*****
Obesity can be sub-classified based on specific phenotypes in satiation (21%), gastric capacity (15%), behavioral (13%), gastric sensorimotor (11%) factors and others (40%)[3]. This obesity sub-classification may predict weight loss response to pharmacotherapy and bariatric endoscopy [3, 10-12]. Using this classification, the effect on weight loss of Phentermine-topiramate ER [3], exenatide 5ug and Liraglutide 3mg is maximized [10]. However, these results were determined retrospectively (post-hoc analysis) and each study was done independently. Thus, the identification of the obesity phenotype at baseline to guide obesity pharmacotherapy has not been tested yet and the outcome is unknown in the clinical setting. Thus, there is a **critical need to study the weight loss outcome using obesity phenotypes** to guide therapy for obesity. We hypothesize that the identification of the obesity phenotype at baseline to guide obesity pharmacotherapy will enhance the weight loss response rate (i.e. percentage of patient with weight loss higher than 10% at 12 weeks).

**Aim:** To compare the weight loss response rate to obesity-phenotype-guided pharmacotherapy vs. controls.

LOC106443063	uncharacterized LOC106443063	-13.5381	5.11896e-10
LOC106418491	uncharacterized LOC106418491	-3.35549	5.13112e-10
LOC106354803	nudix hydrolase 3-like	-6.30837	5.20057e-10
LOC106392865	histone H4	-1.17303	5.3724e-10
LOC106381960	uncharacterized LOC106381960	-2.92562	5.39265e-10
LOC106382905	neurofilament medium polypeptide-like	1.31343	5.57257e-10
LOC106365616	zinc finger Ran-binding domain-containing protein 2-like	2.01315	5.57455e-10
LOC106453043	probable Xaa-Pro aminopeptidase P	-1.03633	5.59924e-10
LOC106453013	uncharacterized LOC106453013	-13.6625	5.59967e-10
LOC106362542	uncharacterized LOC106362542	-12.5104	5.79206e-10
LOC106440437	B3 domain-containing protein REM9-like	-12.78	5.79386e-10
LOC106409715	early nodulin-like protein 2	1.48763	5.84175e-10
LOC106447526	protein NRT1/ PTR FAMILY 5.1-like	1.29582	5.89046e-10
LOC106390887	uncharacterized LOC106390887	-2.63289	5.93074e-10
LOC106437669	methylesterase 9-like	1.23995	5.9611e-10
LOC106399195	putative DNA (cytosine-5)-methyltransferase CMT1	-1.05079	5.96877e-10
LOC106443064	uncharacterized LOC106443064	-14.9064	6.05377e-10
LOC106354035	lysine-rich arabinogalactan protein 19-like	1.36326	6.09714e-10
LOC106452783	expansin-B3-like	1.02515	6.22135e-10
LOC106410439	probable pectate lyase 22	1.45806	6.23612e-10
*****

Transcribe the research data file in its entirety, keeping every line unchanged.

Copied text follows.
Obesity can be sub-classified based on specific phenotypes in satiation (21%), gastric capacity (15%), behavioral (13%), gastric sensorimotor (11%) factors and others (40%)[3]. This obesity sub-classification may predict weight loss response to pharmacotherapy and bariatric endoscopy [3, 10-12]. Using this classification, the effect on weight loss of Phentermine-topiramate ER [3], exenatide 5ug and Liraglutide 3mg is maximized [10]. However, these results were determined retrospectively (post-hoc analysis) and each study was done independently. Thus, the identification of the obesity phenotype at baseline to guide obesity pharmacotherapy has not been tested yet and the outcome is unknown in the clinical setting. Thus, there is a **critical need to study the weight loss outcome using obesity phenotypes** to guide therapy for obesity. We hypothesize that the identification of the obesity phenotype at baseline to guide obesity pharmacotherapy will enhance the weight loss response rate (i.e. percentage of patient with weight loss higher than 10% at 12 weeks).

**Aim:** To compare the weight loss response rate to obesity-phenotype-guided pharmacotherapy vs. controls.

LOC106443063	uncharacterized LOC106443063	-13.5381	5.11896e-10
LOC106418491	uncharacterized LOC106418491	-3.35549	5.13112e-10
LOC106354803	nudix hydrolase 3-like	-6.30837	5.20057e-10
LOC106392865	histone H4	-1.17303	5.3724e-10
LOC106381960	uncharacterized LOC106381960	-2.92562	5.39265e-10
LOC106382905	neurofilament medium polypeptide-like	1.31343	5.57257e-10
LOC106365616	zinc finger Ran-binding domain-containing protein 2-like	2.01315	5.57455e-10
LOC106453043	probable Xaa-Pro aminopeptidase P	-1.03633	5.59924e-10
LOC106453013	uncharacterized LOC106453013	-13.6625	5.59967e-10
LOC106362542	uncharacterized LOC106362542	-12.5104	5.79206e-10
LOC106440437	B3 domain-containing protein REM9-like	-12.78	5.79386e-10
LOC106409715	early nodulin-like protein 2	1.48763	5.84175e-10
LOC106447526	protein NRT1/ PTR FAMILY 5.1-like	1.29582	5.89046e-10
LOC106390887	uncharacterized LOC106390887	-2.63289	5.93074e-10
LOC106437669	methylesterase 9-like	1.23995	5.9611e-10
LOC106399195	putative DNA (cytosine-5)-methyltransferase CMT1	-1.05079	5.96877e-10
LOC106443064	uncharacterized LOC106443064	-14.9064	6.05377e-10
LOC106354035	lysine-rich arabinogalactan protein 19-like	1.36326	6.09714e-10
LOC106452783	expansin-B3-like	1.02515	6.22135e-10
LOC106410439	probable pectate lyase 22	1.45806	6.23612e-10